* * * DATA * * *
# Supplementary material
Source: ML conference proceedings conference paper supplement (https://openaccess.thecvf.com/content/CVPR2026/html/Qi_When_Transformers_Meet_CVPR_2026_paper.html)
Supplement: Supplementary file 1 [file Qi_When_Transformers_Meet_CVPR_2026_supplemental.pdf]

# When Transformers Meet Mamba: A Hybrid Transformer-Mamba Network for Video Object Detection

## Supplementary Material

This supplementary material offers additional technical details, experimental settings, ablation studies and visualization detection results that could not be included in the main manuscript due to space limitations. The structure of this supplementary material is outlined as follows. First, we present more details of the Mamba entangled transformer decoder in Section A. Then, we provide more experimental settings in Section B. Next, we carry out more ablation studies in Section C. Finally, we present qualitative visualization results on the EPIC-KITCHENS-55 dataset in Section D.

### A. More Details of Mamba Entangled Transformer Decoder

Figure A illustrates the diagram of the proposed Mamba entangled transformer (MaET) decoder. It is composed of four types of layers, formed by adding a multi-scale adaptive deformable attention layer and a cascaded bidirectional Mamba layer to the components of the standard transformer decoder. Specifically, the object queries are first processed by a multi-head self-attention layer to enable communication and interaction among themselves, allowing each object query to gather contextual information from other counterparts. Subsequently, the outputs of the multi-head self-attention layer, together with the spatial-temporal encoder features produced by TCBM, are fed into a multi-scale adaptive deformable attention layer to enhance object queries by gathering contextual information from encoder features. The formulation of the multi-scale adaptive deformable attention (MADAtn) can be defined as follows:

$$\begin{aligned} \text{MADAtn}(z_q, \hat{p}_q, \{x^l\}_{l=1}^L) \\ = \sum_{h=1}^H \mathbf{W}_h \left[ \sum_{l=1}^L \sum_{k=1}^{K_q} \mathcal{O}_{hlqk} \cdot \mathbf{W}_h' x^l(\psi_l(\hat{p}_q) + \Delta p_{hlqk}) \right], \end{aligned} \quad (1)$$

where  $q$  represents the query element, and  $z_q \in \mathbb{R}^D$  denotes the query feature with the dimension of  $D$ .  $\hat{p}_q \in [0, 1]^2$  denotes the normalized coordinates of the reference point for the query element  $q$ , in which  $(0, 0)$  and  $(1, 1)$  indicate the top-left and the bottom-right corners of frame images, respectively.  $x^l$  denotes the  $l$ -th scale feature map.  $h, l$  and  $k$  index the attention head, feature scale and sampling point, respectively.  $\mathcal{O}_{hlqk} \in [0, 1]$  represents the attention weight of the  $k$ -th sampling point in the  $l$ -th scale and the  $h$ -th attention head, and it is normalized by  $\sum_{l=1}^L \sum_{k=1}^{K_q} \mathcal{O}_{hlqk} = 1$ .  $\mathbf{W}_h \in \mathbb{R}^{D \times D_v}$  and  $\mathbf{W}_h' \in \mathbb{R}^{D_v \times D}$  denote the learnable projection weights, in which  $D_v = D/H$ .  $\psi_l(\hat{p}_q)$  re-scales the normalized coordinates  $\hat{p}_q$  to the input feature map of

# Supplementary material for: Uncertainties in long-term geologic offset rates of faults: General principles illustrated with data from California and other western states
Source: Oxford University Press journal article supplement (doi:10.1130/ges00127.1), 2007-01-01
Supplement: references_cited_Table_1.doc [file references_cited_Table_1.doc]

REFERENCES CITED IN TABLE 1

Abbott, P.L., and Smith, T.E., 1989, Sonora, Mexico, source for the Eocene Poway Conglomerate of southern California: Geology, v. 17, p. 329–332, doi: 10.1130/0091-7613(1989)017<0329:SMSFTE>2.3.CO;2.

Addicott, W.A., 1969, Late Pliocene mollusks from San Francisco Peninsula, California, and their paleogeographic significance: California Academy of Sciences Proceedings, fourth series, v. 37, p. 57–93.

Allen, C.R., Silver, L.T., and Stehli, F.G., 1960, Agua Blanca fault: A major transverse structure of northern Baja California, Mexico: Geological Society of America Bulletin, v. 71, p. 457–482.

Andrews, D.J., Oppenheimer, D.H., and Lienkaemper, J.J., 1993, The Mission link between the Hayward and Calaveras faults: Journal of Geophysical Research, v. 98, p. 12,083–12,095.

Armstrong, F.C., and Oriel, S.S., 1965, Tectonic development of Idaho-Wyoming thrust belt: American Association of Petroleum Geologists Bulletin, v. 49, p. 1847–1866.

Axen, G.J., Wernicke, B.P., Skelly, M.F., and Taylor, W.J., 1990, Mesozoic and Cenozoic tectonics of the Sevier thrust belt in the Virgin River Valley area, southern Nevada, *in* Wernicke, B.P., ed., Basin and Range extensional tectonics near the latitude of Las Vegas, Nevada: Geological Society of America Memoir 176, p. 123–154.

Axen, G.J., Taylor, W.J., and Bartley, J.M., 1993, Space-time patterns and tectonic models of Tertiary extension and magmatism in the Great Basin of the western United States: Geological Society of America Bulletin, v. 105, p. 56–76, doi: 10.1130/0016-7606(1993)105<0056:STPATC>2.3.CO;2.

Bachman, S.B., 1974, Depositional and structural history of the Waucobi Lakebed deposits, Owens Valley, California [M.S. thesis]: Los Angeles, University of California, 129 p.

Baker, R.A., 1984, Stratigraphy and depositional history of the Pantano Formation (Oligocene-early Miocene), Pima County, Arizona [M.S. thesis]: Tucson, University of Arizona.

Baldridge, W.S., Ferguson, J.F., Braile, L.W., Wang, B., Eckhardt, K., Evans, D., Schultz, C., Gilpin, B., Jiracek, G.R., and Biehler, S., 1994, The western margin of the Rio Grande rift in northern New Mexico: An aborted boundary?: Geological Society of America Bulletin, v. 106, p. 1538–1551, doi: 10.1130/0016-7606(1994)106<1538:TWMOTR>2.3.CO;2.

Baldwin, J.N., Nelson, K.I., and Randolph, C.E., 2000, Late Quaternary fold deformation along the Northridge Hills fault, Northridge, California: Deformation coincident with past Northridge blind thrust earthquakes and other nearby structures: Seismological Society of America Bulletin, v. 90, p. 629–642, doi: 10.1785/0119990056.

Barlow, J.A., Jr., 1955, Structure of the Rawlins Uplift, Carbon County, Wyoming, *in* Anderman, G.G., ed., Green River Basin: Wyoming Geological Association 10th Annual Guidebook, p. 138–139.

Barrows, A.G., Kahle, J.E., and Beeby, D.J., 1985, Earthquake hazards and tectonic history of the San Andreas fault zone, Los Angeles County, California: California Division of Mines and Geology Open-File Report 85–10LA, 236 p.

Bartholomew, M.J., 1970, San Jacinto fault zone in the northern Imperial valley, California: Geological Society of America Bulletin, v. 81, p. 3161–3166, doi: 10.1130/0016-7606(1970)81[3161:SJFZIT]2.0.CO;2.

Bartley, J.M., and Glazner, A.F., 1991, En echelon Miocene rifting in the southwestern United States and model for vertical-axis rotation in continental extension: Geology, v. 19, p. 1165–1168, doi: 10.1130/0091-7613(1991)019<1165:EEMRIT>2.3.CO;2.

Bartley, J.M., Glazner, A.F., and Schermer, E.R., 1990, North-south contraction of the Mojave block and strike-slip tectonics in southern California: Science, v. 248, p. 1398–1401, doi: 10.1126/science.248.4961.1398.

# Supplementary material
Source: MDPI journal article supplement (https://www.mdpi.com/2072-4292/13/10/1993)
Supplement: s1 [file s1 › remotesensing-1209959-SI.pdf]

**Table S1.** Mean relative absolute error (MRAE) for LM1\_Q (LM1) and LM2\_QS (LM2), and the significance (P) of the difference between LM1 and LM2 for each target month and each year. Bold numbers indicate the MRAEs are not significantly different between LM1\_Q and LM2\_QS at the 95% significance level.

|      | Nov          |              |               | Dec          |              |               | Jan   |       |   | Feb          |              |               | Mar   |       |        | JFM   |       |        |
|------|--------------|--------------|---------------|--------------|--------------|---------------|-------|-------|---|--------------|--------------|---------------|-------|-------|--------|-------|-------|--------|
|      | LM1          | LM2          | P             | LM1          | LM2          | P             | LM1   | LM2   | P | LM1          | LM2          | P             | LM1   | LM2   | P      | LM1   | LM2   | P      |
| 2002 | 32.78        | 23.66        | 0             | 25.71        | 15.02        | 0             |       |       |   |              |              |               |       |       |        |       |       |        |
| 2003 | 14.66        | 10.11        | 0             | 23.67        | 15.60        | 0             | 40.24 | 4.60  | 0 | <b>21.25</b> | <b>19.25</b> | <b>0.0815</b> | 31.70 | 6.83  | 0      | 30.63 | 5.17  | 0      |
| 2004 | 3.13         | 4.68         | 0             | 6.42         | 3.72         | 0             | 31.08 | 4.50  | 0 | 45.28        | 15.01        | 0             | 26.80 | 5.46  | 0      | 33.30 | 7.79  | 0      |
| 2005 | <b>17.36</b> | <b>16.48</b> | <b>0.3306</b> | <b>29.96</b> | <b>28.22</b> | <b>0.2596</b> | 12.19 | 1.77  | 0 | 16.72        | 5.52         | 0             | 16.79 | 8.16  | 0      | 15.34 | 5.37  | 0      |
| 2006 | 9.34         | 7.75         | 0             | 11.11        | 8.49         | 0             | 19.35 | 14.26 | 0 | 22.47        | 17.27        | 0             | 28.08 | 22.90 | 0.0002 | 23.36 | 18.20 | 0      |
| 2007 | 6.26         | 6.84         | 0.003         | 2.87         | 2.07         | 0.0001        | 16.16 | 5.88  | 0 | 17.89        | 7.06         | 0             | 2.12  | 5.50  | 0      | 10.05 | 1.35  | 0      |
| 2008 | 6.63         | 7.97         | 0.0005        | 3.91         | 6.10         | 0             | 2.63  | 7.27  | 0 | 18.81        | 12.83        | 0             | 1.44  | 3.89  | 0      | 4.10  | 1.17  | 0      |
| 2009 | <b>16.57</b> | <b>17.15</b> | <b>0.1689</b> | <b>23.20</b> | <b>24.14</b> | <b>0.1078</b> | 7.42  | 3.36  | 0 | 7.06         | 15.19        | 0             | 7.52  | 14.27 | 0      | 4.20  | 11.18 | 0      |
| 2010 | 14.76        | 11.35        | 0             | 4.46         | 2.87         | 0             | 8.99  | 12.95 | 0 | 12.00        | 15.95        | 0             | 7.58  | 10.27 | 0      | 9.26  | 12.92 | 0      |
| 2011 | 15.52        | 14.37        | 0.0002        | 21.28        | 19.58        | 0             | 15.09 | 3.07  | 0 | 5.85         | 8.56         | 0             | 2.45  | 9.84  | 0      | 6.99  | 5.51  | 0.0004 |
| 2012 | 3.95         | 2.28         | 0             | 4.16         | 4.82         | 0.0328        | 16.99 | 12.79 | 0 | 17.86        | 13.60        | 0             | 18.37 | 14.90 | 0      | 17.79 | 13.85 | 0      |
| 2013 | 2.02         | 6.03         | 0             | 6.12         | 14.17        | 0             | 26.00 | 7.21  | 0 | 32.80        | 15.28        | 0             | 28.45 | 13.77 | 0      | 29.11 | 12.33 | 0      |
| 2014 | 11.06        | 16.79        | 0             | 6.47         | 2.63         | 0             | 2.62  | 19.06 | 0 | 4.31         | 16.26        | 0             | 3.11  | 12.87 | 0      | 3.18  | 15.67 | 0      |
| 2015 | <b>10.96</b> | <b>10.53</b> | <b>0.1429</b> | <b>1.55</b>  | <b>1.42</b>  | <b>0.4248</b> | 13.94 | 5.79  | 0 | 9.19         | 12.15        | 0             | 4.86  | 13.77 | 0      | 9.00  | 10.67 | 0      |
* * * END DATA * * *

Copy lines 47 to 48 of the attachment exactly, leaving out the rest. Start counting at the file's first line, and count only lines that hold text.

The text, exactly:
| 2011 | 15.52        | 14.37        | 0.0002        | 21.28        | 19.58        | 0             | 15.09 | 3.07  | 0 | 5.85         | 8.56         | 0             | 2.45  | 9.84  | 0      | 6.99  | 5.51  | 0.0004 |
| 2012 | 3.95         | 2.28         | 0             | 4.16         | 4.82         | 0.0328        | 16.99 | 12.79 | 0 | 17.86        | 13.60        | 0             | 18.37 | 14.90 | 0      | 17.79 | 13.85 | 0      |